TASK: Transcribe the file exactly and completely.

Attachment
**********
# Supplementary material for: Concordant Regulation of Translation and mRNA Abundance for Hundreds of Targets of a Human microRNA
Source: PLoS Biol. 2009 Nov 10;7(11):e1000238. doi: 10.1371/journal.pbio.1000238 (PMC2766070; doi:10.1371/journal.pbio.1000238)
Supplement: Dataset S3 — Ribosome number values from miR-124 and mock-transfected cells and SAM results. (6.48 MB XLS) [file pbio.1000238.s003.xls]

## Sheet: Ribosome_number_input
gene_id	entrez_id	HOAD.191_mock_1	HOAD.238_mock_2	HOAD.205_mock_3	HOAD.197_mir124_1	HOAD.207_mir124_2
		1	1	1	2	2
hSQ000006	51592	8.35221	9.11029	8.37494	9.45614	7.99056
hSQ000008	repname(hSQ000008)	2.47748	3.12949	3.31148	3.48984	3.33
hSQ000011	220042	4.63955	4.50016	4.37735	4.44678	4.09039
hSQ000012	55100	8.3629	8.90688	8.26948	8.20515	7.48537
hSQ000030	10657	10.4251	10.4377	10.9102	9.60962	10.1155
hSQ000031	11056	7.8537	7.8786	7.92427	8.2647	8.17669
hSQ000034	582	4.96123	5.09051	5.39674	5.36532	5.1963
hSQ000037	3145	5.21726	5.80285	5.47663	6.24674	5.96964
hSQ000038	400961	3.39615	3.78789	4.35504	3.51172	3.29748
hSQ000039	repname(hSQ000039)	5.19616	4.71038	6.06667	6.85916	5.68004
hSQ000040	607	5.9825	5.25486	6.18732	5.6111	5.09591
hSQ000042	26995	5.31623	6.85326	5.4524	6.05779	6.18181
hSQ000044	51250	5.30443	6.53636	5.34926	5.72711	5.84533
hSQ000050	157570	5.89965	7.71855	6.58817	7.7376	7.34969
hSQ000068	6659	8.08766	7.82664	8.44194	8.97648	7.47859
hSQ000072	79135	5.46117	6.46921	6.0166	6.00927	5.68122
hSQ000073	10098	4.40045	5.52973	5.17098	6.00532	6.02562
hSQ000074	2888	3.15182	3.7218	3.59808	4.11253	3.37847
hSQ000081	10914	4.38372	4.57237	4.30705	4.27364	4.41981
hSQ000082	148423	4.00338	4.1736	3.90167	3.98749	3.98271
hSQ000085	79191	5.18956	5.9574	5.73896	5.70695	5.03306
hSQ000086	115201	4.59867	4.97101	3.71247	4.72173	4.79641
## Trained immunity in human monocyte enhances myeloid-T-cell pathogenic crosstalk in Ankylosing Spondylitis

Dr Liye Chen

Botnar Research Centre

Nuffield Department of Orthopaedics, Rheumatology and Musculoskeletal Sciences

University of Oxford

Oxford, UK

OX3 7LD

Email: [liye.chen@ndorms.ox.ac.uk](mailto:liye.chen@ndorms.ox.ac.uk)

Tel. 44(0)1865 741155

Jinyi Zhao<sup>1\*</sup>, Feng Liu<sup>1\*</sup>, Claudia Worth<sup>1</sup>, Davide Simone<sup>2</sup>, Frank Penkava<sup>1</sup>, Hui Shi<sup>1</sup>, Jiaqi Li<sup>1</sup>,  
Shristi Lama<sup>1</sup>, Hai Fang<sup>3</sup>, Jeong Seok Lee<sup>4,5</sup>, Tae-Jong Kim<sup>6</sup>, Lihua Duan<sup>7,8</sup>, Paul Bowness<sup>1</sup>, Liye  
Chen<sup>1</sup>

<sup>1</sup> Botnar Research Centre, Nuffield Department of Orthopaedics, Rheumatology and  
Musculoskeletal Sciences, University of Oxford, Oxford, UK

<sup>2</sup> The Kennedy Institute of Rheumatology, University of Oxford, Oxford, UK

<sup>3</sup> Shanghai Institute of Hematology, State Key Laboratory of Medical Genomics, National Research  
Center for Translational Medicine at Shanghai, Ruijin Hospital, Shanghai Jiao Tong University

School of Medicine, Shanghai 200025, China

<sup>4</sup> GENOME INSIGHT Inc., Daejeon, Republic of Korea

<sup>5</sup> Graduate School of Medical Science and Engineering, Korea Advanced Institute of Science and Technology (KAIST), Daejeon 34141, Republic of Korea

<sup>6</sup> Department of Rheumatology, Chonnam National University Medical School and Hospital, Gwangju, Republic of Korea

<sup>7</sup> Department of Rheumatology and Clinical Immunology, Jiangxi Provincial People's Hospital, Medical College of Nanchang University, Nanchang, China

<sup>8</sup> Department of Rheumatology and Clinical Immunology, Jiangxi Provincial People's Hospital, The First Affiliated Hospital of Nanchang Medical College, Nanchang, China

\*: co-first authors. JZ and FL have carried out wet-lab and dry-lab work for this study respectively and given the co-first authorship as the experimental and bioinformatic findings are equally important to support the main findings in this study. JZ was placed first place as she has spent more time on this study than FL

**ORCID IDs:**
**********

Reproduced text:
# Supplementary material for: Concordant Regulation of Translation and mRNA Abundance for Hundreds of Targets of a Human microRNA
Source: PLoS Biol. 2009 Nov 10;7(11):e1000238. doi: 10.1371/journal.pbio.1000238 (PMC2766070; doi:10.1371/journal.pbio.1000238)
Supplement: Dataset S3 — Ribosome number values from miR-124 and mock-transfected cells and SAM results. (6.48 MB XLS) [file pbio.1000238.s003.xls]

## Sheet: Ribosome_number_input
gene_id	entrez_id	HOAD.191_mock_1	HOAD.238_mock_2	HOAD.205_mock_3	HOAD.197_mir124_1	HOAD.207_mir124_2
		1	1	1	2	2
hSQ000006	51592	8.35221	9.11029	8.37494	9.45614	7.99056
hSQ000008	repname(hSQ000008)	2.47748	3.12949	3.31148	3.48984	3.33
hSQ000011	220042	4.63955	4.50016	4.37735	4.44678	4.09039
hSQ000012	55100	8.3629	8.90688	8.26948	8.20515	7.48537
hSQ000030	10657	10.4251	10.4377	10.9102	9.60962	10.1155
hSQ000031	11056	7.8537	7.8786	7.92427	8.2647	8.17669
hSQ000034	582	4.96123	5.09051	5.39674	5.36532	5.1963
hSQ000037	3145	5.21726	5.80285	5.47663	6.24674	5.96964
hSQ000038	400961	3.39615	3.78789	4.35504	3.51172	3.29748
hSQ000039	repname(hSQ000039)	5.19616	4.71038	6.06667	6.85916	5.68004
hSQ000040	607	5.9825	5.25486	6.18732	5.6111	5.09591
hSQ000042	26995	5.31623	6.85326	5.4524	6.05779	6.18181
hSQ000044	51250	5.30443	6.53636	5.34926	5.72711	5.84533
hSQ000050	157570	5.89965	7.71855	6.58817	7.7376	7.34969
hSQ000068	6659	8.08766	7.82664	8.44194	8.97648	7.47859
hSQ000072	79135	5.46117	6.46921	6.0166	6.00927	5.68122
hSQ000073	10098	4.40045	5.52973	5.17098	6.00532	6.02562
hSQ000074	2888	3.15182	3.7218	3.59808	4.11253	3.37847
hSQ000081	10914	4.38372	4.57237	4.30705	4.27364	4.41981
hSQ000082	148423	4.00338	4.1736	3.90167	3.98749	3.98271
hSQ000085	79191	5.18956	5.9574	5.73896	5.70695	5.03306
hSQ000086	115201	4.59867	4.97101	3.71247	4.72173	4.79641
## Trained immunity in human monocyte enhances myeloid-T-cell pathogenic crosstalk in Ankylosing Spondylitis

Dr Liye Chen

Botnar Research Centre

Nuffield Department of Orthopaedics, Rheumatology and Musculoskeletal Sciences

University of Oxford

Oxford, UK

OX3 7LD

Email: [liye.chen@ndorms.ox.ac.uk](mailto:liye.chen@ndorms.ox.ac.uk)

Tel. 44(0)1865 741155

Jinyi Zhao<sup>1\*</sup>, Feng Liu<sup>1\*</sup>, Claudia Worth<sup>1</sup>, Davide Simone<sup>2</sup>, Frank Penkava<sup>1</sup>, Hui Shi<sup>1</sup>, Jiaqi Li<sup>1</sup>,  
Shristi Lama<sup>1</sup>, Hai Fang<sup>3</sup>, Jeong Seok Lee<sup>4,5</sup>, Tae-Jong Kim<sup>6</sup>, Lihua Duan<sup>7,8</sup>, Paul Bowness<sup>1</sup>, Liye  
Chen<sup>1</sup>

<sup>1</sup> Botnar Research Centre, Nuffield Department of Orthopaedics, Rheumatology and  
Musculoskeletal Sciences, University of Oxford, Oxford, UK

<sup>2</sup> The Kennedy Institute of Rheumatology, University of Oxford, Oxford, UK

<sup>3</sup> Shanghai Institute of Hematology, State Key Laboratory of Medical Genomics, National Research  
Center for Translational Medicine at Shanghai, Ruijin Hospital, Shanghai Jiao Tong University

School of Medicine, Shanghai 200025, China

<sup>4</sup> GENOME INSIGHT Inc., Daejeon, Republic of Korea

<sup>5</sup> Graduate School of Medical Science and Engineering, Korea Advanced Institute of Science and Technology (KAIST), Daejeon 34141, Republic of Korea

<sup>6</sup> Department of Rheumatology, Chonnam National University Medical School and Hospital, Gwangju, Republic of Korea

<sup>7</sup> Department of Rheumatology and Clinical Immunology, Jiangxi Provincial People's Hospital, Medical College of Nanchang University, Nanchang, China

<sup>8</sup> Department of Rheumatology and Clinical Immunology, Jiangxi Provincial People's Hospital, The First Affiliated Hospital of Nanchang Medical College, Nanchang, China

\*: co-first authors. JZ and FL have carried out wet-lab and dry-lab work for this study respectively and given the co-first authorship as the experimental and bioinformatic findings are equally important to support the main findings in this study. JZ was placed first place as she has spent more time on this study than FL

**ORCID IDs:**